Federal agents use crowd control munitions to disperse Black Lives Matter protesters at the Mark O. Hatfield United States Courthouse on Monday, July 20, 2020, in Portland, Ore.

Federal agents use crowd control munitions to disperse Black Lives Matter protesters at the Mark O. Hatfield United States Courthouse on Monday, July 20, 2020, in Portland, Ore. AP Photo/Noah Berger

DHS’s Portland Stunt Could Undermine the Agency For Years, Former Officials Warn

"This is well outside the bounds of what the intent is of the federal protective services mission."

The events in Portland this weekend, in which unmarked federal officers arrested protestors off the street, could hurt the Department of Homeland Security’s ability to coordinate with local police forces for years to come. That, in turn, could affect everything from disaster response to preventing terrorism, two former senior DHS officials told Defense One on Monday.

Last weekend, DHS leaders dispatched officers from the U.S. Customs and Border Patrol, or CBP, Coast Guard, the U.S. Marshals Service, and other federal agencies to guard federal facilities and monuments in Oregon's largest city. The deployment is part of a Trump administration effort to expand the presence of federal officers in cities, in keeping with an executive order that President Donald Trump signed on June 26, establishing the DHS Protecting American Communities Task Force, or PACT.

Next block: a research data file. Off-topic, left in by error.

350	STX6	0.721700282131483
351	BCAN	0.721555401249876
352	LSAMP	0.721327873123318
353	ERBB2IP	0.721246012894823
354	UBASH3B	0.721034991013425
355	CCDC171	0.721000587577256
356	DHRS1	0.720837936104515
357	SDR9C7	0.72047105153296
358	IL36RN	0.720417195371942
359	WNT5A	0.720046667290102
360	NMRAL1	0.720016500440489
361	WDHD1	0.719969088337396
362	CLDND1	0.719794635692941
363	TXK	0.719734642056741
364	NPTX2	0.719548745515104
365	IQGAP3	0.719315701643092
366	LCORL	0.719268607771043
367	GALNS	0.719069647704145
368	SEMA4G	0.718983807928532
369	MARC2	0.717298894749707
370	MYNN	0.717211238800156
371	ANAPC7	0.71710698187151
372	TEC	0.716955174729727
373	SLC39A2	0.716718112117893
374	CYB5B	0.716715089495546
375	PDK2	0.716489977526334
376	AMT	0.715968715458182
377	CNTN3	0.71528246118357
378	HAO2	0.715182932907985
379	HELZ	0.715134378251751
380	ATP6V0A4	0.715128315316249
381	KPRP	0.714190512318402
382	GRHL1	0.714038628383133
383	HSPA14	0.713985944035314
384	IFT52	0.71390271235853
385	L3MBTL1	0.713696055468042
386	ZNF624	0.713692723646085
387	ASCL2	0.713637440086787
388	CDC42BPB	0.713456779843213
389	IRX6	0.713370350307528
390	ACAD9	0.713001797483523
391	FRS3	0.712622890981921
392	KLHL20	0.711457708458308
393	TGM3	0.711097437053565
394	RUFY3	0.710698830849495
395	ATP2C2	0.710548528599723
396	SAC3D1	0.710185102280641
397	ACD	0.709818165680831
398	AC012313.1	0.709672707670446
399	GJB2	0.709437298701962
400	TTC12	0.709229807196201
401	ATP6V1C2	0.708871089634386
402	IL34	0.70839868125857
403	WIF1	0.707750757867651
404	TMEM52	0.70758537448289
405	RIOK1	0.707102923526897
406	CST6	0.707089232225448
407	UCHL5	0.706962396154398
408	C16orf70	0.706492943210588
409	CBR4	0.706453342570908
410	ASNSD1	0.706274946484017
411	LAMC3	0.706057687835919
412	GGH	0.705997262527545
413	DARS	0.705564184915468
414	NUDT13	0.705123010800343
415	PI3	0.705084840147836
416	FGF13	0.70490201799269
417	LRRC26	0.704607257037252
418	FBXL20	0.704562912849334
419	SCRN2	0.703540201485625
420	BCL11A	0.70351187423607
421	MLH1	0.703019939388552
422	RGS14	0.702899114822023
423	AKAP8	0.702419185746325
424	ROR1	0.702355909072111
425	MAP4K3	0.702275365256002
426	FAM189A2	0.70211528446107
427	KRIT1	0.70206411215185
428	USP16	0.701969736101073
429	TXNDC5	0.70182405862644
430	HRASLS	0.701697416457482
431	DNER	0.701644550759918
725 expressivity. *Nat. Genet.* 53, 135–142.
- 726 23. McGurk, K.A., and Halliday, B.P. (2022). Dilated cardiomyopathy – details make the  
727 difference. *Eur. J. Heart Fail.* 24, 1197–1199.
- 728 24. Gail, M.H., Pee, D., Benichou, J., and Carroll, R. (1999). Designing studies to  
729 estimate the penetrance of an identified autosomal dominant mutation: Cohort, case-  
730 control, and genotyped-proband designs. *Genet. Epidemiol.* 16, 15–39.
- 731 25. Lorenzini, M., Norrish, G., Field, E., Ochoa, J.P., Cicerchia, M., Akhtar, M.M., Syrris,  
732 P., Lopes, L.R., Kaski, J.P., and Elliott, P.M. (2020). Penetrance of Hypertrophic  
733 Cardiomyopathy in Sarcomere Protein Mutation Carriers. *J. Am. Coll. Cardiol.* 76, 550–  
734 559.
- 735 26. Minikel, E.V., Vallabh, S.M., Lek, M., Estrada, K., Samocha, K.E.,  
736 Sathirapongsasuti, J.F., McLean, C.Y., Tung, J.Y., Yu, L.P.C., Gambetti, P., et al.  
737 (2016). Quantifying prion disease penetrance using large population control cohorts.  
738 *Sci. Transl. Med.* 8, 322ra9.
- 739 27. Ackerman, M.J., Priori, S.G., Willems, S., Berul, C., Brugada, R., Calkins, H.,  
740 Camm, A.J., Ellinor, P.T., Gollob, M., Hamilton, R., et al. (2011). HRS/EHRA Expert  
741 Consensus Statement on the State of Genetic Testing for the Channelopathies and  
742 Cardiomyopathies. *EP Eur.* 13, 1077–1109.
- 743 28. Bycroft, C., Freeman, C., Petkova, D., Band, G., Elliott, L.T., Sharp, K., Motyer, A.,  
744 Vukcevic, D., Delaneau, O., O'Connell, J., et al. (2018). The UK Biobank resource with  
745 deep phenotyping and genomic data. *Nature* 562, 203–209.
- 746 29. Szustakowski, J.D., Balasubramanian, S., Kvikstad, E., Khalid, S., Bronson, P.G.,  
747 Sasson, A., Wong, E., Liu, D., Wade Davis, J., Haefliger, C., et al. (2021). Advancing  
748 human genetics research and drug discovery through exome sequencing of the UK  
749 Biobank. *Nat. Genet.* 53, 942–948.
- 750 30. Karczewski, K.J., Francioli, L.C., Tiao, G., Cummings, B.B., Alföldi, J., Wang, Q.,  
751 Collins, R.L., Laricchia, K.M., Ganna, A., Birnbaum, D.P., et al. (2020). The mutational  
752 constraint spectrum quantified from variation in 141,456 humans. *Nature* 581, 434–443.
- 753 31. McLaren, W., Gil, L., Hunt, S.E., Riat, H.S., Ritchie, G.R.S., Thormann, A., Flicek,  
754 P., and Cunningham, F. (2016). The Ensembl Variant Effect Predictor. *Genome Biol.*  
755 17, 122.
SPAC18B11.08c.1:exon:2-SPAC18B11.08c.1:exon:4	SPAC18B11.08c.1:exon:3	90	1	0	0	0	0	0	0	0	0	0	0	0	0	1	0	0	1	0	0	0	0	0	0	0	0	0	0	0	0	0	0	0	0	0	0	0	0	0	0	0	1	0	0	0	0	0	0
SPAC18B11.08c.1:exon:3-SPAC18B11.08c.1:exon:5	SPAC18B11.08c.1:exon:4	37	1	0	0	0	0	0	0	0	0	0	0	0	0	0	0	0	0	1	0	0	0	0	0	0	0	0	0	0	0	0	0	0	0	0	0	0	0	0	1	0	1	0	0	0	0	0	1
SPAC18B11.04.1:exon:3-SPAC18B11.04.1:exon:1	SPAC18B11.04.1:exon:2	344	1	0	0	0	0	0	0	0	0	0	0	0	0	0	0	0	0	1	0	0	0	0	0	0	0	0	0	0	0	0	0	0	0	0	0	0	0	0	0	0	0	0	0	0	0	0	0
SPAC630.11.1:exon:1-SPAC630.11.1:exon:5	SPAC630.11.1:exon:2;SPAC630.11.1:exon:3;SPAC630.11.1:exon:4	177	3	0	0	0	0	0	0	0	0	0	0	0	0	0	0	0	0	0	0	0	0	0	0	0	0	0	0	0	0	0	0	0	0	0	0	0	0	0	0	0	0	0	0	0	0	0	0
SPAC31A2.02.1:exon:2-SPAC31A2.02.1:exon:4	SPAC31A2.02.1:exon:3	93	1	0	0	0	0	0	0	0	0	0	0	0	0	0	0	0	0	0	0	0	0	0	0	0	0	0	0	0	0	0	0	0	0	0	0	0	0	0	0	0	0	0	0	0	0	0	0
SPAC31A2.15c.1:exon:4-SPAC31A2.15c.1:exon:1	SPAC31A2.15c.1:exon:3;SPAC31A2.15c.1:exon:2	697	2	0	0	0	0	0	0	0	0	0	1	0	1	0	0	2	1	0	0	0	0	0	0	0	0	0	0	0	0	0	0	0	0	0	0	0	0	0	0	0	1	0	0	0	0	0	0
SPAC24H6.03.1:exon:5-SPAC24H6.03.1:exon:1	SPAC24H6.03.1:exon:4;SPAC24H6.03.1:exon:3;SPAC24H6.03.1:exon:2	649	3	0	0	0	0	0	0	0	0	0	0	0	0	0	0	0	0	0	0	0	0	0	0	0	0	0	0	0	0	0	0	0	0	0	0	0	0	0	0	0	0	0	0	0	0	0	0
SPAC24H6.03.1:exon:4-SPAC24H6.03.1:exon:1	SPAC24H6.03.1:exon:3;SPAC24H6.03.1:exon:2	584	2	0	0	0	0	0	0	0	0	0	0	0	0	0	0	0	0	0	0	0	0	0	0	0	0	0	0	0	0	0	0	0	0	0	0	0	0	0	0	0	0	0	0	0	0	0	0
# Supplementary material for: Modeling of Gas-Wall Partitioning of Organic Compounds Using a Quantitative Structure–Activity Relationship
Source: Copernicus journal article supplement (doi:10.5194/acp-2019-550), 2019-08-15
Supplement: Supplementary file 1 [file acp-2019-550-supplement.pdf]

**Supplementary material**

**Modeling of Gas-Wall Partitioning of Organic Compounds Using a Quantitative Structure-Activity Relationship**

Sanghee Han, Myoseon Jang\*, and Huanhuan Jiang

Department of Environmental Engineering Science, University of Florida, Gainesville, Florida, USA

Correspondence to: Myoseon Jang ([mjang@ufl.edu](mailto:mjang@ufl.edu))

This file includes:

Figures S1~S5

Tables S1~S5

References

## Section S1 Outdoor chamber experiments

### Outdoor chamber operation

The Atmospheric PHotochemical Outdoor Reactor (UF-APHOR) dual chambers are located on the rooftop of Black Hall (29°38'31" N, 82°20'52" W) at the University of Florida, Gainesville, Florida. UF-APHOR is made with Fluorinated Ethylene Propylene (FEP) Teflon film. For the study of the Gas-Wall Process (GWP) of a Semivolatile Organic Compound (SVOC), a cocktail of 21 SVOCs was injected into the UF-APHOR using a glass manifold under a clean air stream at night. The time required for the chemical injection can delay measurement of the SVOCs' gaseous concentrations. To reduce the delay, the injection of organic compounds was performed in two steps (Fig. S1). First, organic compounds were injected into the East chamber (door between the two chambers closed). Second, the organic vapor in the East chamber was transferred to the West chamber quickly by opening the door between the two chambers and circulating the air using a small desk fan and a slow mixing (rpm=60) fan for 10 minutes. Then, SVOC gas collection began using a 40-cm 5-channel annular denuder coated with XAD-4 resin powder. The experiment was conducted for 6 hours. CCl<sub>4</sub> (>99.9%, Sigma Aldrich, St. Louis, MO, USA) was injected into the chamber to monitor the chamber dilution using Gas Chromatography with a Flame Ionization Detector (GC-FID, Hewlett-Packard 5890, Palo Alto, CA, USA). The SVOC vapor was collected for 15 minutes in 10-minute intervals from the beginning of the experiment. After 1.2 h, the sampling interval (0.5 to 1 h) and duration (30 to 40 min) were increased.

But in Portland, the newly arrived federal officials didn’t just protect the buildings. They interpreted their authority as sufficient to move into the city's streets and detain protesters on the grounds that they might have damaged buildings.

The mayor of Portland has demanded the federal forces leave, calling their presence “neither wanted nor is it helpful.”

Acting DHS Secretary Chad Wolf refused.

The breakdown in the relationship between DHS and local authorities in Portland portends poorly for DHS’s ability to perform a variety of important functions alongside local authorities in emergency circumstances, according to two former DHS officials who worked in the Trump administration and previous ones. The former officials said that many CBP officers with whom they had been in contact over the last two days were deeply concerned about border-patrol officers operating so far outside of their jurisdiction. 

There is precedent for federal officers deploying to U.S. cities, including border patrol agents well more than 100 miles from the border, such as in Portland. In disaster situations, it’s not uncommon for DHS to send what one former official called a “surge force” of volunteers who receive 48 hours of training and then work side-by-side with local authorities in disaster zones. CBP officers are commonly among groups dispatched for such jobs, but their role is primarily rescue operations, said the former official. Those CBP personnel would be very different from the tactical units DHS deployed to Portland this weekend. Both former officials said those units aren’t trained for civilian crowd control. They’re paramilitary units that typically face off against drug cartels, not groups like Moms Against Police Brutality.

“This is well outside the bounds of what the intent is of the federal protective services' mission and most people [with whom they had spoken at DHS] seem to think that DHS is being used as part of the president’s political" organization, said the first former official. “Protecting a building is different from policing the people. If the local government doesn’t want to partner with you, that’s the point where a wise person takes a step back.”